Fortunately, you can help your daughter improve her fluency. Read a short bit of text material to her. This gives her a model for how the passage should sound. Then have her reread it aloud to you. Provide assistance, when necessary. Next, have her reread the passage until she can do so quite fluently. Three or four times are usually sufficient.

Also, you can read a passage to your daughter. Then, read it aloud together three to five times. This doesn’t have to be done on the same day. Your daughter will not become a fluent reader overnight. However, she definitely will become a more fluent reader if you and she frequently do repeated oral reading. These same techniques can be used to help beginning readers become more fluent readers. There are more techniques to help struggling readers on our Web site in Resources under “Skill Builders.”

Writing Skills Can Be Improved

Question: Is there a way that I can improve my 9-year-old daughter’s writing skills? She is a brilliant reader, but her writing skills are below average according to the teacher. She never is “in the mood” to write even on my laptop. – No Writer

Answer: The secret for children becoming better writers is for them to write a lot. Unfortunately, writing simply does not appeal to many children. Poor handwriting skills may stop some from writing. Others may not be able to think of anything to write about. Teachers have had great success in getting children to write by having them write briefly in a journal every day. They can even supply the topic.

Your asking or even requiring your daughter to write every day is not too likely to be successful in improving her writing unless she is motivated to do so. Talk to her about how being a good writer leads to future success in school. Plus, when you read to her, talk about such things as how the author describes the characters and the setting as well as begins and ends a story. This will teach her more about writing. Another approach would be to have a relative write a brief e-mail to her every day with the expectation of her responding. Grandmothers can be especially good at this.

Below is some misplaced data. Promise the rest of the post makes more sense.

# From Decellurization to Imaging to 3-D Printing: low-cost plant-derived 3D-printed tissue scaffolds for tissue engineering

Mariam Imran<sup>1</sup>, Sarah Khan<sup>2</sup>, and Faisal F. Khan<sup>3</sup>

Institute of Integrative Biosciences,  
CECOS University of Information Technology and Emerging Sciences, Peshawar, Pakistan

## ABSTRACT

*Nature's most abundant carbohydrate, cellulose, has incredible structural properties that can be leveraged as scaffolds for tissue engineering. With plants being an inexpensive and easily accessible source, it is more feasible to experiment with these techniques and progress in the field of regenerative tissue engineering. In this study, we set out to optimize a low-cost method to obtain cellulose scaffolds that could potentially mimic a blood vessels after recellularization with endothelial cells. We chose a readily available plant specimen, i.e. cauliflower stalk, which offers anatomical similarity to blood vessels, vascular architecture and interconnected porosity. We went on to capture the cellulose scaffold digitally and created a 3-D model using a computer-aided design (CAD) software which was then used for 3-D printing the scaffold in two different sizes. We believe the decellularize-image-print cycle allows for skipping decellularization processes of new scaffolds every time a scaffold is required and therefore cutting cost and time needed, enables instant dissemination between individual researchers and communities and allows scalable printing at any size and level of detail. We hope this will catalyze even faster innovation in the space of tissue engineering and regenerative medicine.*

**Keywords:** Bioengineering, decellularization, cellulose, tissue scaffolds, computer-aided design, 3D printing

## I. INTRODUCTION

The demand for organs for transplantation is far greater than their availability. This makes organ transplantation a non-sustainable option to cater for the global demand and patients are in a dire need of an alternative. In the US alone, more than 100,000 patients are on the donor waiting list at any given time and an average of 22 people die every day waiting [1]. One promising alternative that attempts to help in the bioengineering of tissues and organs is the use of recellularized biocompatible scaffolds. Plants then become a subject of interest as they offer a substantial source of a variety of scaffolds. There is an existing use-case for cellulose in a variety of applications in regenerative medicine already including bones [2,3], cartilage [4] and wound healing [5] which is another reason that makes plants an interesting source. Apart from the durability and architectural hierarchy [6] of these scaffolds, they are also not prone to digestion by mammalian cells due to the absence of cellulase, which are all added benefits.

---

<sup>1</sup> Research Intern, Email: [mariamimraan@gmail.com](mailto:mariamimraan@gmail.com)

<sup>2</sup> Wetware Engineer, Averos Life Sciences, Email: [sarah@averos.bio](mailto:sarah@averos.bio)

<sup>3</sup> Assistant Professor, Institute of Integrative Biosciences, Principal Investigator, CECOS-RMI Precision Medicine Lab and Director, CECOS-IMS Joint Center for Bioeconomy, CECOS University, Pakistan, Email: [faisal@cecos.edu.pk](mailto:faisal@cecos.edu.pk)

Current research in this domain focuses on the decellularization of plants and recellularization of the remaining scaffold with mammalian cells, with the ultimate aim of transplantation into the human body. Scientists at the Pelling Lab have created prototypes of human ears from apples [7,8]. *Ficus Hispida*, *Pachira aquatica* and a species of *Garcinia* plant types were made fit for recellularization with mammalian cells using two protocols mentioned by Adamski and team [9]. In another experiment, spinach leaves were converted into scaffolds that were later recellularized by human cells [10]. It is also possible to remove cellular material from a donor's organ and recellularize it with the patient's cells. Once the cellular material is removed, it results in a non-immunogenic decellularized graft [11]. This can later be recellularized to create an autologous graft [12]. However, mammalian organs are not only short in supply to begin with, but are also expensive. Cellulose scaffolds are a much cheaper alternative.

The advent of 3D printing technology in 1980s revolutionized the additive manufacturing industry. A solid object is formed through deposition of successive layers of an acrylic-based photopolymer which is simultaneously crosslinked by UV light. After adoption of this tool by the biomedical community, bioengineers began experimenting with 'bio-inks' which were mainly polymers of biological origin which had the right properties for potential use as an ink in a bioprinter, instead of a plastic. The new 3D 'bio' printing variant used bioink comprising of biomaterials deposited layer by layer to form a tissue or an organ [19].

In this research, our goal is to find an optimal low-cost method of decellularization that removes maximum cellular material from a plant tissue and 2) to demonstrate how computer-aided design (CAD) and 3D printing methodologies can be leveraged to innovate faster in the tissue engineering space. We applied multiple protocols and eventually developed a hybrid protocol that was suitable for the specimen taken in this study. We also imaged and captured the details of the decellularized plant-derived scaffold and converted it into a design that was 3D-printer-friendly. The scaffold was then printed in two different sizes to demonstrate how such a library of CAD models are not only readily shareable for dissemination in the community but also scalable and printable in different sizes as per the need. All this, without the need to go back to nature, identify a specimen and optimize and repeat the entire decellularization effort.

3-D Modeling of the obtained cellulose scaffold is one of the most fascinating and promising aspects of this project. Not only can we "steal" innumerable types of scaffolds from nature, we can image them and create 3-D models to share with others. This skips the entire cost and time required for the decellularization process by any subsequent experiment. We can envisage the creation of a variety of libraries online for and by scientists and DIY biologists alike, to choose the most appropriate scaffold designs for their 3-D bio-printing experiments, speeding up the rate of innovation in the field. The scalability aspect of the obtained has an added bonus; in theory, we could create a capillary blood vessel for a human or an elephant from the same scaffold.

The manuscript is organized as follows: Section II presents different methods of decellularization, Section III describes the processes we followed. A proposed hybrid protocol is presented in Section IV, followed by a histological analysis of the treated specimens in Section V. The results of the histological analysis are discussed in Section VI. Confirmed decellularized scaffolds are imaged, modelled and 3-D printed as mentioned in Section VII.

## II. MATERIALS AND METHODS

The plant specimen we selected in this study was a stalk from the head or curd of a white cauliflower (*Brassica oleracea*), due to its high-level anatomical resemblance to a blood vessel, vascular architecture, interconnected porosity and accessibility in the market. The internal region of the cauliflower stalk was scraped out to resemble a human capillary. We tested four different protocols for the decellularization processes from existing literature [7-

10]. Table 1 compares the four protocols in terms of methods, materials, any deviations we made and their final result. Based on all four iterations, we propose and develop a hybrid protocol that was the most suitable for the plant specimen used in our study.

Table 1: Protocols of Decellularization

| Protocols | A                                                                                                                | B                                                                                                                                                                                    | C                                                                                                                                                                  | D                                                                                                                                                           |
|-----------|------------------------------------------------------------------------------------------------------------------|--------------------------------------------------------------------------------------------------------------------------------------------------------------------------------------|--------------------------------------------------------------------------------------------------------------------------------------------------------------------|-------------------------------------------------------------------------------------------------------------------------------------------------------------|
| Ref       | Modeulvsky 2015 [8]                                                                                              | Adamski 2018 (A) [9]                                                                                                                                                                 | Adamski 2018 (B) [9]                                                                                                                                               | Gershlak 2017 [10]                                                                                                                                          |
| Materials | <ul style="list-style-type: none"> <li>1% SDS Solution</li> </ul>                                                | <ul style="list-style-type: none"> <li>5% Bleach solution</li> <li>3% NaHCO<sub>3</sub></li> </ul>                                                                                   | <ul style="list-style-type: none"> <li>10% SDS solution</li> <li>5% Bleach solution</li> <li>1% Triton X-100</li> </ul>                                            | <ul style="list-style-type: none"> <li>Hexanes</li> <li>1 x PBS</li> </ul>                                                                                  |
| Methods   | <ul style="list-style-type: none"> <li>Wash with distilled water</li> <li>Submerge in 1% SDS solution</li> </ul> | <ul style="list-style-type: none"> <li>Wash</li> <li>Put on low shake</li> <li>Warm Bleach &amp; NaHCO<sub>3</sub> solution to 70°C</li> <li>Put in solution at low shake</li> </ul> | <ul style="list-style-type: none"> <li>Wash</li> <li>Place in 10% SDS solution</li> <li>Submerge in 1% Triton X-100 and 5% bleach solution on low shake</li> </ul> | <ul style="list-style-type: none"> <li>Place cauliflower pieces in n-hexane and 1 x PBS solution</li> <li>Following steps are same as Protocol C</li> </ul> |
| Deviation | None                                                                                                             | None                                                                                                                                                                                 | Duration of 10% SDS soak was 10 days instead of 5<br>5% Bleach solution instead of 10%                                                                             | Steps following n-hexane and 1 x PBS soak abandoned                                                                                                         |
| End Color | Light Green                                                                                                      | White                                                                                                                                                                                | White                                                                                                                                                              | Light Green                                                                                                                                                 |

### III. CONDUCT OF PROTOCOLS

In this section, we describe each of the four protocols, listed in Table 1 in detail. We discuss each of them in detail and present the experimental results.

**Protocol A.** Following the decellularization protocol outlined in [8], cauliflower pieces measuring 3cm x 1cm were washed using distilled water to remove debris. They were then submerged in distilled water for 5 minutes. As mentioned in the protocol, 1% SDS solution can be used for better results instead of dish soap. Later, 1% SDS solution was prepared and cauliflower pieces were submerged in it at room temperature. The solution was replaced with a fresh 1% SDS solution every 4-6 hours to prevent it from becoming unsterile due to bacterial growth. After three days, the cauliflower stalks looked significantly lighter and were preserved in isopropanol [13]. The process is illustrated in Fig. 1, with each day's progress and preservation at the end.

Too Much Computer Time for Preschooler

Question: My 3-1/2-year-old son is exceptionally bright. He loves everything electronic. He can use the computer by himself and turn on the television. I’m excited that he’s so bright but worry about how much time he spends playing on the computer. Is an hour every day too much time? He also watches television for at least another hour. – Electronically Inclined

Answer: Using a computer at such an early age has its good and bad points. Your son will definitely learn computer skills faster and may improve his small motor skills. He also will have access to loads of educational material. On the other hand, if your child is using the computer primarily for activities with little educational benefit, it is a waste of his time.

Preschoolers need real-life experiences in manipulating objects and interacting with other children and adults. Your son won’t get this vital educational building block if he spends too much time with computers or TV. Furthermore, the flashing and constantly moving images on computer and television screens make it more difficult for children to develop the longer attention spans that they’ll need in school.

Two hours a day spent with a computer or TV is definitely too much electronic time for a preschooler. You need to limit it to an hour or less a day. Your child needs more real world activities.

Dear Teacher is written by Peggy Gisler and Marge Eberts. Do you have a question for them? Send it to or visit